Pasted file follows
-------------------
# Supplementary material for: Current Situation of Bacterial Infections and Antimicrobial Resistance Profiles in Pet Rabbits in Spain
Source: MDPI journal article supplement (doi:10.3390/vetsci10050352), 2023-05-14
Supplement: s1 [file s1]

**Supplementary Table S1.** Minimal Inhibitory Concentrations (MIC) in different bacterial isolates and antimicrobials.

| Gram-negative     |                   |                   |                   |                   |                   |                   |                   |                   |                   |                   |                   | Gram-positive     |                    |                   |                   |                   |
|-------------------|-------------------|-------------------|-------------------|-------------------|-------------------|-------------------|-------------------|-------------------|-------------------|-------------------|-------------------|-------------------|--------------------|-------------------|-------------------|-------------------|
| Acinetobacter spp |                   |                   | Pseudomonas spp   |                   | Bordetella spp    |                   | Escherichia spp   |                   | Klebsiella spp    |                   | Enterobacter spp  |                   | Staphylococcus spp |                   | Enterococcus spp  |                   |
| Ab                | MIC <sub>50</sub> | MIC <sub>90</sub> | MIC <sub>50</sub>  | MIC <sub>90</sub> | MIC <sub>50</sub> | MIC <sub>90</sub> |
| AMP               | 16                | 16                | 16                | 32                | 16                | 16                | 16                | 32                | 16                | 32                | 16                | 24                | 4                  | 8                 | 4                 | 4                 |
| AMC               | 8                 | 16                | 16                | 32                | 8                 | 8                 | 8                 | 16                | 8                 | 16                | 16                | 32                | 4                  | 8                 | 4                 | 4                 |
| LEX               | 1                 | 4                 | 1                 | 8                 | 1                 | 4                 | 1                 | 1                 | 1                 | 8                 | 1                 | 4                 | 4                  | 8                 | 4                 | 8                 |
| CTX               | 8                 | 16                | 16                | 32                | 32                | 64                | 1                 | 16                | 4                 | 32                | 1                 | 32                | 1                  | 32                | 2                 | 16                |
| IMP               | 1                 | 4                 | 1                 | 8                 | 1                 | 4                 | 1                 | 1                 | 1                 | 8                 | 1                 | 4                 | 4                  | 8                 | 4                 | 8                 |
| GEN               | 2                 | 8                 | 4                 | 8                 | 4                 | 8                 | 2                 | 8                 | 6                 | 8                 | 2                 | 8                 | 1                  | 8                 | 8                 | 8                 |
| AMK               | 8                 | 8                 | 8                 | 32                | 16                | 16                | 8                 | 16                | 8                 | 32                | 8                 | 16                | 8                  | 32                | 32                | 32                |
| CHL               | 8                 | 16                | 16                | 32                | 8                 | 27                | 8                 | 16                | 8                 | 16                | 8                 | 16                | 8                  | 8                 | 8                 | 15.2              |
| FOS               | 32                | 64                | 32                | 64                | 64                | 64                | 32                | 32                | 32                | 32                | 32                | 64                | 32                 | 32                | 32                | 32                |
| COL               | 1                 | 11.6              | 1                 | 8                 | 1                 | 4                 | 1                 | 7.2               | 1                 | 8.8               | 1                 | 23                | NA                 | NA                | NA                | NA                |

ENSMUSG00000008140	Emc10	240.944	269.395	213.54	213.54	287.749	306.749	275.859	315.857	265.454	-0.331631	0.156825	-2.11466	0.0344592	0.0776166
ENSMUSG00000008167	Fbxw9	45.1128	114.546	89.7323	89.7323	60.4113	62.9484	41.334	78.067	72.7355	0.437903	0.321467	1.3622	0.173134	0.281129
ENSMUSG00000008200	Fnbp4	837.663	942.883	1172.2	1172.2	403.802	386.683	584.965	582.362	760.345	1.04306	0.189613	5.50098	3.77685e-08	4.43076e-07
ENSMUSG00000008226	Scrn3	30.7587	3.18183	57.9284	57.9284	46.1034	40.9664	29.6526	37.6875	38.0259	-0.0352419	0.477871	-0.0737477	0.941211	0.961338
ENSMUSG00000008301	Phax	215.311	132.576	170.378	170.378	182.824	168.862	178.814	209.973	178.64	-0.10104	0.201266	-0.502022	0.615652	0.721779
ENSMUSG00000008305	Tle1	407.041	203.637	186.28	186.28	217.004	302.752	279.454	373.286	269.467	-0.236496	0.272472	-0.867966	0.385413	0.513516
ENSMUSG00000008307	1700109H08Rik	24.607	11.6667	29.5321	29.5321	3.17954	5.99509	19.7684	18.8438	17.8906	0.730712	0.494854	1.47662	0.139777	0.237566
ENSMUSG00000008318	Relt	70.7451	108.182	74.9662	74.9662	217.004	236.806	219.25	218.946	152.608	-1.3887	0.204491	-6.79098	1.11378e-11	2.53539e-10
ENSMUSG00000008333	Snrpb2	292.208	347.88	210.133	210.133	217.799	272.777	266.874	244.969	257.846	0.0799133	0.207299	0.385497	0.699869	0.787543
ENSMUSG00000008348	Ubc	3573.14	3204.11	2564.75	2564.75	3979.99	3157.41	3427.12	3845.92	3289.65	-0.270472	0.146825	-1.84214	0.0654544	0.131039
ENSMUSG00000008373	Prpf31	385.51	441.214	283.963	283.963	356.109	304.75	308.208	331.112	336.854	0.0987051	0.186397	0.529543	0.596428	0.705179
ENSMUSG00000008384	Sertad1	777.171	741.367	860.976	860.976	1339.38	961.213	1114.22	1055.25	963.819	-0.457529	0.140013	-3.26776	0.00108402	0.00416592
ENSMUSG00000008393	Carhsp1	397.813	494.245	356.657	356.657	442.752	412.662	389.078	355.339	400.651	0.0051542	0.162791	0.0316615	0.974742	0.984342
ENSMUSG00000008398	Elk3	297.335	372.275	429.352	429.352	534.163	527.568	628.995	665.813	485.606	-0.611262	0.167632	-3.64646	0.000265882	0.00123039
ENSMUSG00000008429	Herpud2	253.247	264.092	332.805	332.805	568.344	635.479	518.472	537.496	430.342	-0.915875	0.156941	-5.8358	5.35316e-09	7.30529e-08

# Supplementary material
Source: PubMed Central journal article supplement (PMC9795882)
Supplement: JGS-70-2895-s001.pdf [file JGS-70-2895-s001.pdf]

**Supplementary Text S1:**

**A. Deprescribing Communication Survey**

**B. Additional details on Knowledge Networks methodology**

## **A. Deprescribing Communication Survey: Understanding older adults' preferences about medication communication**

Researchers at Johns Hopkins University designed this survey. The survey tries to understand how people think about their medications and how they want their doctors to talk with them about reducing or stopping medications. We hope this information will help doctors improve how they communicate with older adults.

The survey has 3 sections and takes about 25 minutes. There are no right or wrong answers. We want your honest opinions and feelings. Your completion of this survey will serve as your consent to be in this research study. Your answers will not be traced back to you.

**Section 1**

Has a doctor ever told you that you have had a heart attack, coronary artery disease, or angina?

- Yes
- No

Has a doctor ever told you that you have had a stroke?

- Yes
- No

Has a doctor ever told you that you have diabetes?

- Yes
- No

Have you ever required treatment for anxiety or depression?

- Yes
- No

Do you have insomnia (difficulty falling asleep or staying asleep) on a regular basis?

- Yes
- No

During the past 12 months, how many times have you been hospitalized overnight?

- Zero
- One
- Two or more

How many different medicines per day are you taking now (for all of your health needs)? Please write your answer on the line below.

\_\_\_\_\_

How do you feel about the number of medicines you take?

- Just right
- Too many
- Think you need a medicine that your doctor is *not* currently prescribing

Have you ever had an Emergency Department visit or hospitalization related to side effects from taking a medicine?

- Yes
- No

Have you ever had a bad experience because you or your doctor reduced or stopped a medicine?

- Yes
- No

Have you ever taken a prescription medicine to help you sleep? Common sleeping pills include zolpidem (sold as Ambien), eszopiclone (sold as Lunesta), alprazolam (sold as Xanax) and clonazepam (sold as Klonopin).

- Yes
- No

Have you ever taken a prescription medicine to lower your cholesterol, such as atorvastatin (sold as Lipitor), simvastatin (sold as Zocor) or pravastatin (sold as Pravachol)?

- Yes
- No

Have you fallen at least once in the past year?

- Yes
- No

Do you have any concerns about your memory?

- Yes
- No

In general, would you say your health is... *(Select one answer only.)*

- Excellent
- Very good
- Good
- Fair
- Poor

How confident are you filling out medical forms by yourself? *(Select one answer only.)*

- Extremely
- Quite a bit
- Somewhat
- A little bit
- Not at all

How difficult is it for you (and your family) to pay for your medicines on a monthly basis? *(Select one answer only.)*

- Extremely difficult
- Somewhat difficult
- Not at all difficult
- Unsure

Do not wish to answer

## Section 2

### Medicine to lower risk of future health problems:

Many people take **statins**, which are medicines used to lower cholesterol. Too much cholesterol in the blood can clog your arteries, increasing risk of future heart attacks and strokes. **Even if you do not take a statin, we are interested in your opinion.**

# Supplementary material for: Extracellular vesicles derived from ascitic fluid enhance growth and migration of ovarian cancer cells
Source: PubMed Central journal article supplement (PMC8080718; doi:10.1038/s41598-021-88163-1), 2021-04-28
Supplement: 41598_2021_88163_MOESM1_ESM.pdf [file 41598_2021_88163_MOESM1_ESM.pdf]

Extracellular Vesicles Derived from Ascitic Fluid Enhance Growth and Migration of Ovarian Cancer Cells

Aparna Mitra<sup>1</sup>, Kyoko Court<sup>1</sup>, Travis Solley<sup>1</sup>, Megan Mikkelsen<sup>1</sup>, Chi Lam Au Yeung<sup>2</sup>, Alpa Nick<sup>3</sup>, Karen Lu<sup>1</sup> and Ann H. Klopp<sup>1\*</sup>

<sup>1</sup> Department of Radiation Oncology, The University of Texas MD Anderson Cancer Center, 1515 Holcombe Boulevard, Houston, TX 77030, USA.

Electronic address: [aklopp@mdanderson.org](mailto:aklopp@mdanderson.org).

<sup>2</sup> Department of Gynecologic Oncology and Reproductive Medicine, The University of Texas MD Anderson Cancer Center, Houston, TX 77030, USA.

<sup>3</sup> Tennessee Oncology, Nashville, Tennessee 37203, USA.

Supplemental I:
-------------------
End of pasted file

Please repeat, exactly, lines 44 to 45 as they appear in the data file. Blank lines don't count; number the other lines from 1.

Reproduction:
Has a doctor ever told you that you have had a heart attack, coronary artery disease, or angina?

- Yes